Today a colleague emailed a campus mailing list and let us know that with the increased activity of the RIAA targeted college students (NC State University is one of the top-ten targets) — they had received 37 “pay us or we’ll sue” letters. My colleague’s note was a good reminder that these things are pretty serious, and could have serious ramifications for the staff caught up in them and for the people they help with technology issues.
If they are illegally redistributing music, that’s one thing, but a lot of innocent people get tarred by the RIAA’s actions.
I wrote a followup to the list, letting folks know that the EFF guide about the P2P lawsuits is a good resources and saying:
I’d personally encourage each of you to find a way to express to your congressperson to support legislation that strengthens your fair-use rights (including Congressman Rick Boucher’s “Fair Use Act” — H.R. 1201) and to encourage your congressperson to investigate the activities of groups like the RIAA.
Remember that the RIAA has sued for file sharing:
- A family that didn’t even own a computer
- A 66 year old woman that owned a Macintosh for allegedly sharing “gangsta rap” using Kazaa (at the time Windows-only)
- Dead people, more than once. At one time, sending a letter to the dead person’s family that they had a 60-day grieving period, before the RIAA would depose the children in the suit against the dead man’s estate.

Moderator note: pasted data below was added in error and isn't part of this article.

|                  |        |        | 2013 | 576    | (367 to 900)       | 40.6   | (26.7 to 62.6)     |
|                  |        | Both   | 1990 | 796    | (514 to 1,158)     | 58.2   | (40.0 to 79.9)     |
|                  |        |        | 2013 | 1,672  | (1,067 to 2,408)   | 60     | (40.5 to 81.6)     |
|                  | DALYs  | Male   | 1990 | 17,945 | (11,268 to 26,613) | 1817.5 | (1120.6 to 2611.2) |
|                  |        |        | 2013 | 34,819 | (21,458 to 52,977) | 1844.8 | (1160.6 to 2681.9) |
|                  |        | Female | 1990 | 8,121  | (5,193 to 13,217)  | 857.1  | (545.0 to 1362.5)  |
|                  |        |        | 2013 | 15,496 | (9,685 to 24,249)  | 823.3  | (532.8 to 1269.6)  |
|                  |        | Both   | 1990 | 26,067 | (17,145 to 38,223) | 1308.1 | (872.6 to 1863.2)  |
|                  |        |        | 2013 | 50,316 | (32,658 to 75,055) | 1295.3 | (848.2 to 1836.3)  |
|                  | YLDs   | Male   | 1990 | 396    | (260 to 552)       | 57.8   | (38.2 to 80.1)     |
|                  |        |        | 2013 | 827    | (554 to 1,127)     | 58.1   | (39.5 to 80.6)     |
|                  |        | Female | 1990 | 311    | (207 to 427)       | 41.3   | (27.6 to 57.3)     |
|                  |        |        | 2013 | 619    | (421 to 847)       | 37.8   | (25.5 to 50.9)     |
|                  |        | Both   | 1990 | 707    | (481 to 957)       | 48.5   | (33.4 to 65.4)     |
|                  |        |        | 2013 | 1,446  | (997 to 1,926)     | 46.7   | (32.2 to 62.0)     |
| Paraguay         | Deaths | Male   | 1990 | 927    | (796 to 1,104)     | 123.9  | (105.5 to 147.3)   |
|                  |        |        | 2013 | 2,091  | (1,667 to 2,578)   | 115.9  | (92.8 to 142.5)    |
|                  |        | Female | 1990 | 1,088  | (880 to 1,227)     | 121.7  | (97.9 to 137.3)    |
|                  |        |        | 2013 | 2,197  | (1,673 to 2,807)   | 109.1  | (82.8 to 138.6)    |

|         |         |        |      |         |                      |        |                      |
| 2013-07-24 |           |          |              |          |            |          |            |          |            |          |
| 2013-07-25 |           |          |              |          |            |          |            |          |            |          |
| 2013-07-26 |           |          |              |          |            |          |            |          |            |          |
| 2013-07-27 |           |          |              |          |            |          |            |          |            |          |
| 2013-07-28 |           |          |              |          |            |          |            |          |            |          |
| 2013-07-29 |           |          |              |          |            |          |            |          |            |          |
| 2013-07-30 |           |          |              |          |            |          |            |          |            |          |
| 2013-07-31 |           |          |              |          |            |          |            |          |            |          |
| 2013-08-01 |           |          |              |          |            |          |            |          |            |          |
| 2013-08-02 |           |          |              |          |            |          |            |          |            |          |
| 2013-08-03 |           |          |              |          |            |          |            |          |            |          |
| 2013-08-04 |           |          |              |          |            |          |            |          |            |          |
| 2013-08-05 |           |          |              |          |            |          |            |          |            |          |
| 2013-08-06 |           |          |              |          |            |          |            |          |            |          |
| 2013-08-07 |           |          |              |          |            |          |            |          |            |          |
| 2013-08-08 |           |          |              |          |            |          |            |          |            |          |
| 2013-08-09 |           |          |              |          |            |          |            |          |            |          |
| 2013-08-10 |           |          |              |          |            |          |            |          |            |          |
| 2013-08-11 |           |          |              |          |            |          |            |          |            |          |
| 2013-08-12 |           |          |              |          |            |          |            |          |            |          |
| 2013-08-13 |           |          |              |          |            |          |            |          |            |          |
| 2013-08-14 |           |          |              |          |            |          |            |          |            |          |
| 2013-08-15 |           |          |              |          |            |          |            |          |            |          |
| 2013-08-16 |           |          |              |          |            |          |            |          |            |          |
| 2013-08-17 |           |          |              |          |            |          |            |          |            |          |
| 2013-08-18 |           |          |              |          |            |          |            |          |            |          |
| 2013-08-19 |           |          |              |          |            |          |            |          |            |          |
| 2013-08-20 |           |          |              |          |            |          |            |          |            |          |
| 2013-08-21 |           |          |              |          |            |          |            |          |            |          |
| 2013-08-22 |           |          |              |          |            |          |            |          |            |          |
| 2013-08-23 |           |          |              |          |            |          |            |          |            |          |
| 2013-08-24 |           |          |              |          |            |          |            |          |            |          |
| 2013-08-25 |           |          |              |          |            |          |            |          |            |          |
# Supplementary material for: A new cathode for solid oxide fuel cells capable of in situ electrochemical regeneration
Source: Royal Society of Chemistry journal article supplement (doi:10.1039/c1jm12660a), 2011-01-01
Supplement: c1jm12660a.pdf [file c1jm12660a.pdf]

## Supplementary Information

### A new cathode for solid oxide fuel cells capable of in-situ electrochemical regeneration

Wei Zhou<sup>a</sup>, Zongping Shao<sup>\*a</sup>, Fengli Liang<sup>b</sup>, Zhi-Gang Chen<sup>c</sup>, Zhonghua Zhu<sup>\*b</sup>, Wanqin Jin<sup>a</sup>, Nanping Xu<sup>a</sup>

- In one case, they dropped a case against a mother that fought back, then sued the mother’s 20-year old daughter and got a summary judgement
- In another case, they were unable to produce evidence in a lawsuit against a mother, then sued the 13 year old daughter, and demanded that the court order the family to get a Guardian Ad Litem (a legal guardian, paid for by the family). Guardian Ad Litems are typically used for divorce proceedings, child abuse cases, and other cases involving the child’s welfare to insure the best interests of the child
- The CEO of the Warner Group announced last year that he was fairly certain that his kids downloaded music — but yet, the RIAA didn’t sue his child.
It’s not limited to file sharing, last year, the RIAA apparently starting sending DMCA takedowns to users that posted home videos of their kids dancing to music on You Tube (I don’t have a good secondary source for this).
There are, I’m sure, countless other stories. The RIAA files lawsuits in bulk, placing the burden of proof on the target of the lawsuit, often at tremendous financial burden. Last year, the MIT student newspaper reported an MIT student that was sued told the paper that she was encouraged to “drop out of college or go to community college in order to be able to afford settlements.”
While illegally redistributing copyright materials is not it, some kind of revolution is necessary. Somehow, someway, these kinds of business practices of the RIAA have to be stopped, and the only apparent place to do that is in Congress.
There you go, your PSA of the day.